In Georgia Power Company v. MacGinnitie, Docket No. Tax-S&UT-1403540 (Ga. Tax Tribunal, Jan. 5, 2015), the Georgia Tax Tribunal held that machinery and equipment used in Georgia Power Company’s (hereinafter “Georgia Power”) electricity transmission and distribution system are subject to Georgia sales & use tax.
Georgia Power filed monthly sales and use tax returns with the Georgia Department of Revenue in 2009 and 2010. Tangible personal property used in the construction, maintenance, and operation of Georgia Power’s transmission and distribution system was treated as taxable on those returns. Georgia Power timely filed claims for refund for sales and use tax paid on those items in December 2012 and February 2013, respectively. Georgia Power claimed a refund in the amount of $8,176,424 for 2009 and a refund in the amount of $10,269,678 for 2010.
In its claims for refund, Georgia Power took the position that the machinery and equipment used in its transmission and distribution system is exempt from Georgia sales & use tax under the manufacturing exemption in O.C.G.A. § 48-8-3(34) (2009) (recodified as O.C.G.A. §§ 48-8-3.2(a)(3), -(a)(7), -(a)(15), -3.2(b)). Under O.C.G.A. § 48-8-3(34) machinery or equipment which is “necessary and integral” to the manufacture of tangible personal property in a Georgia manufacturing plant is exempt from Georgia sales & use tax.
The Georgia Department of Revenue denied Georgia Power’s refund claims and Georgia Power filed its refund action with the Georgia Tax Tribunal on July 26, 2013. The Tax Tribunal considered two key issues in the case. The first is whether the items included in the claim for refund are used for “manufacturing” electrical energy sold by Georgia Power within the meaning of O.C.G.A. §§ 48-8-3(34) and (34.3). The second is whether Georgia Power’s electricity generating facilities are a single “manufacturing plant” under the same statute.
Georgia Power and the Georgia Department of Revenue each presented expert testimony discussing the role of the transmission and distribution system in the electricity generation process. Georgia Power’s expert testified that the transmission and distribution system changes the character of the electrons passed from the generation facility. The expert also testified that the source of the energy is the electrical generator located at a power plant.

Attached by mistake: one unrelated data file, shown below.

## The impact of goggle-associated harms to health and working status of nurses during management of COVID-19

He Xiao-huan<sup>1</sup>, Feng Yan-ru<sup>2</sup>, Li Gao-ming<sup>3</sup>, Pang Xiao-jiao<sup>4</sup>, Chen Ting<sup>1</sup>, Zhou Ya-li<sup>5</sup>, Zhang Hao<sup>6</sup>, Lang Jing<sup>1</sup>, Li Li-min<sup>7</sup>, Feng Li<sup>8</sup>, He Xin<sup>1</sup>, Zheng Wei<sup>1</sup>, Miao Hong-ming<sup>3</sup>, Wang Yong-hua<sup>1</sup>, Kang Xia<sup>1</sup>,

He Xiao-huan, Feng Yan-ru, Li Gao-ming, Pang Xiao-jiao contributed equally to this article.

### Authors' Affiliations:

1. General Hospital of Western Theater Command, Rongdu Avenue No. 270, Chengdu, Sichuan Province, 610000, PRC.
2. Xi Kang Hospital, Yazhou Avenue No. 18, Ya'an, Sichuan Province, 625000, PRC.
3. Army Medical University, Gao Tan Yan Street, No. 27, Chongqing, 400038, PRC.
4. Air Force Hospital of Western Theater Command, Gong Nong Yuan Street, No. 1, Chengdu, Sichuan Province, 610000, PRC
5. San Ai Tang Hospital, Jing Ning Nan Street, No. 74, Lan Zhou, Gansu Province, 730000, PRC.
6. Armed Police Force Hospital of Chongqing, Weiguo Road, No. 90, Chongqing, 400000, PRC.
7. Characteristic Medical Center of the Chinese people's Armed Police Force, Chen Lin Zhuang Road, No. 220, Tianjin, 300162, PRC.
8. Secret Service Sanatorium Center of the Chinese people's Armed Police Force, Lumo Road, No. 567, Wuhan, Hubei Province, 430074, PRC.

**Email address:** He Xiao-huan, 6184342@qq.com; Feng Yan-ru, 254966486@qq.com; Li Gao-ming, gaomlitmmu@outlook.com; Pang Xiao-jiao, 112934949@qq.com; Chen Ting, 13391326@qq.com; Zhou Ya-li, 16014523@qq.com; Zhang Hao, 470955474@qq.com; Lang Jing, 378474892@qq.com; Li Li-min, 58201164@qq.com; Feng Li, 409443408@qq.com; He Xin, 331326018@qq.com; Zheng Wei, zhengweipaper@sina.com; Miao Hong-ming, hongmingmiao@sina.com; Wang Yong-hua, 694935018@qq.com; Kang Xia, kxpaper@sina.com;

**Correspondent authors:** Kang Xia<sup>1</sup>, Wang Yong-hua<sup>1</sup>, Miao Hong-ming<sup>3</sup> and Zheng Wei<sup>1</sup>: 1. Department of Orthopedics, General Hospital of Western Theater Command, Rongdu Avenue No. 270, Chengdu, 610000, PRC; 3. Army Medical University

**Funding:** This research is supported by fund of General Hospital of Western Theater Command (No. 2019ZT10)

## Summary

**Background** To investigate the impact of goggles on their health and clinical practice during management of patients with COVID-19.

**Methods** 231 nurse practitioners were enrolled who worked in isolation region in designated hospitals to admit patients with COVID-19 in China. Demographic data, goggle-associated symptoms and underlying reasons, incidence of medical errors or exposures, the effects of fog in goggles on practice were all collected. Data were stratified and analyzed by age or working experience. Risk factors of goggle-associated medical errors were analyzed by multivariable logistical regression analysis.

The Georgia Department of Revenue’s expert testified that the movement of electrons from one location to another in response to voltage is how electrical energy is transmitted; the actual electricity generation occurs at the plant. The Department of Revenue’s expert testified that the transmission and distribution system does not change the amount of electrical energy generated in a plant, but rather it controls how the electrical current is distributed to customers.
Judge Beaudrot reviewed Ga. Comp. R. & Regs. § 560-12-2-.62(2)(h) defining “manufacturing as an operation to change, process, transform, or convert industrial materials by physical or chemical means, into articles of tangible personal property for sale or further manufacturing that have a different form, configuration, utility, composition, or character.” Judge Beaudrot held that Georgia Power’s manufacturing of electricity is the production of electrical energy, which “begins and ends” at Georgia Power’s generating plants. Judge Beaudrot cited several cases with similar factual circumstances decided in other jurisdictions supporting his conclusion including Niagara Mowhawk Power Corp. v. Wanamaker, 144 N.Y.S. 2d 458 (N.Y. App. Div. 1955), Peoples Gas and Electric Co. v. State Tax Comm’n, 28 N.W. 2d 799 (Iowa 1947), and Utilcorp United Inc. v. Dir. of Revenue, 75 S.W. 3d 725 (Mo. 2001).
Judge Beaudrot also rejected Georgia Power’s argument that its transmission and distribution system covering almost the entire state of Georgia is part of a single manufacturing plant generating electricity. Judge Beaudrot held that while Georgia Power’s transmission and distribution system is “highly integrated” with its generation facilities it is not necessary for the manufacturing of electricity that takes place at the generating plants. Thus, the Tax Tribunal upheld the Georgia Department of Revenue’s denial of Georgia Power’s claim for refund.
Read the full opinion here: Georgia Power Company v. MacGinnitie, Docket No. Tax-S&UT-1403540 (Ga. Tax Tribunal, Jan. 5, 2015)